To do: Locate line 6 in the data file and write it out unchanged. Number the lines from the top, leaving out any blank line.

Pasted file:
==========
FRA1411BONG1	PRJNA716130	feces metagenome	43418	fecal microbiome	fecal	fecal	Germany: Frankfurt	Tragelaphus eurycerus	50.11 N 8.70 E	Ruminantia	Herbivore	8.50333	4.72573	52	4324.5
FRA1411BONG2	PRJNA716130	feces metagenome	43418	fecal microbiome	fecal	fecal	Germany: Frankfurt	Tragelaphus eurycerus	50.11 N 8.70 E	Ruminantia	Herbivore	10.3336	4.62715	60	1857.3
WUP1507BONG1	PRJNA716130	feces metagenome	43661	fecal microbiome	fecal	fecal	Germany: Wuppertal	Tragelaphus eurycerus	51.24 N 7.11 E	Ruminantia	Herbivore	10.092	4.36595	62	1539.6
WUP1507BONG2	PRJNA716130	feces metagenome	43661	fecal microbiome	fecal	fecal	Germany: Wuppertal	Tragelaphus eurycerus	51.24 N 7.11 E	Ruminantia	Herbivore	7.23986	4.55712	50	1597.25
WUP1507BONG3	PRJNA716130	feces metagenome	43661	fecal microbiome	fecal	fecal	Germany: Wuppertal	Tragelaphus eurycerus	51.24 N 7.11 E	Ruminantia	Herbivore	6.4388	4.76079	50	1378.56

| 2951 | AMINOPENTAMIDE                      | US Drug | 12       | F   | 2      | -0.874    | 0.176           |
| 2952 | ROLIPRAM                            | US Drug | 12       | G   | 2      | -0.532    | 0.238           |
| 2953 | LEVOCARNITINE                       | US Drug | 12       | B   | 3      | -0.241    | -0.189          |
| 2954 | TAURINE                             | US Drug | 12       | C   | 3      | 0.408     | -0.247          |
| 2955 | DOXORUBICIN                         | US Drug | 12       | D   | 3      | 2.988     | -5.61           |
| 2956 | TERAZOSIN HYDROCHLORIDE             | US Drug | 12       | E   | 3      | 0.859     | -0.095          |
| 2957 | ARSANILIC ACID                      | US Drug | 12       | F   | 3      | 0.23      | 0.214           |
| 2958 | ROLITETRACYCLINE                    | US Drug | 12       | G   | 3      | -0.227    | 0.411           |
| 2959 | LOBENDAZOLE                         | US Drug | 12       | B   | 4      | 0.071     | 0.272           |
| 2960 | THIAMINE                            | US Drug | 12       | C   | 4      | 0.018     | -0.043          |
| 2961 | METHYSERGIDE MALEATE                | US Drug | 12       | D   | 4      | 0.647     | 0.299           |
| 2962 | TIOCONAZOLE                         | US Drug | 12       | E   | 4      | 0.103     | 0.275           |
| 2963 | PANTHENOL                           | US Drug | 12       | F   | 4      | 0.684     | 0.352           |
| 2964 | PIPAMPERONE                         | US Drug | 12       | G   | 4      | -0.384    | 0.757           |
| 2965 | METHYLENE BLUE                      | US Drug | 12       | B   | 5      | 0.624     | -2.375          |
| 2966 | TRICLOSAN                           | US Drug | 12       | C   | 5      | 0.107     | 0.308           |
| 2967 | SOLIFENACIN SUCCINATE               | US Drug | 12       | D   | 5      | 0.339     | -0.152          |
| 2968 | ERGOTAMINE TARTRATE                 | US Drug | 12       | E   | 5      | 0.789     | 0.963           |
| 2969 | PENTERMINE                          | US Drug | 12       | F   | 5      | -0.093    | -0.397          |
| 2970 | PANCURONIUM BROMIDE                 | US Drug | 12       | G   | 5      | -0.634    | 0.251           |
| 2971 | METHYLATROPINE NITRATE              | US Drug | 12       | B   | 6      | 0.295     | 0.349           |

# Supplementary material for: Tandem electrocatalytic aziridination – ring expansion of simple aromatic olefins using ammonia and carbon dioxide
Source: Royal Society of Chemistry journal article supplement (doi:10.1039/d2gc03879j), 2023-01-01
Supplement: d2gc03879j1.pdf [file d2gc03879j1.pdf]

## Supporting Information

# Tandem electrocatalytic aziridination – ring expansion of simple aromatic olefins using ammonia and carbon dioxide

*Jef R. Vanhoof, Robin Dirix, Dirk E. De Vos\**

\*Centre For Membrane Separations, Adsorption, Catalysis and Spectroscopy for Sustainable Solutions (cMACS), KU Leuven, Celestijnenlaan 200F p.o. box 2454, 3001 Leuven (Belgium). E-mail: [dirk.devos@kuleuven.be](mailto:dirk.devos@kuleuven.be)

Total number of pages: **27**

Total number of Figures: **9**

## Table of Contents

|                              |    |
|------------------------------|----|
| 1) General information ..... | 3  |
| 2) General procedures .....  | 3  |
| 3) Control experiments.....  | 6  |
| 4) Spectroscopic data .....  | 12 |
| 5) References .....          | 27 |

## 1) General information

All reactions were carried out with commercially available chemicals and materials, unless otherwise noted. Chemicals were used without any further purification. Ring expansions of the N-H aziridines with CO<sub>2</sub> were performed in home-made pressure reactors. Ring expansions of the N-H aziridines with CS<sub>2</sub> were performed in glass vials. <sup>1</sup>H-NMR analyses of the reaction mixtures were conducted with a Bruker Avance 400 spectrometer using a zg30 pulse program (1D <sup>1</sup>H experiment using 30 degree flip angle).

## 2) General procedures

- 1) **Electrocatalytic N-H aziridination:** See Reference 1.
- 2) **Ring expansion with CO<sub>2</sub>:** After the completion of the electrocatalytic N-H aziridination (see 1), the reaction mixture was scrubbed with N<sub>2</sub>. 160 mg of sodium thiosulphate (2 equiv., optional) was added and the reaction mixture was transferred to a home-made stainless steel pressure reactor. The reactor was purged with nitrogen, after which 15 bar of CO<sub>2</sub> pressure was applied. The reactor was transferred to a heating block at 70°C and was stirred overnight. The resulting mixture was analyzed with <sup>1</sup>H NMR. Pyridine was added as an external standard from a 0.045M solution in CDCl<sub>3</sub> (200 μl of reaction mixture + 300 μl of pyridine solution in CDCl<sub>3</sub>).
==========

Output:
| 2951 | AMINOPENTAMIDE                      | US Drug | 12       | F   | 2      | -0.874    | 0.176           |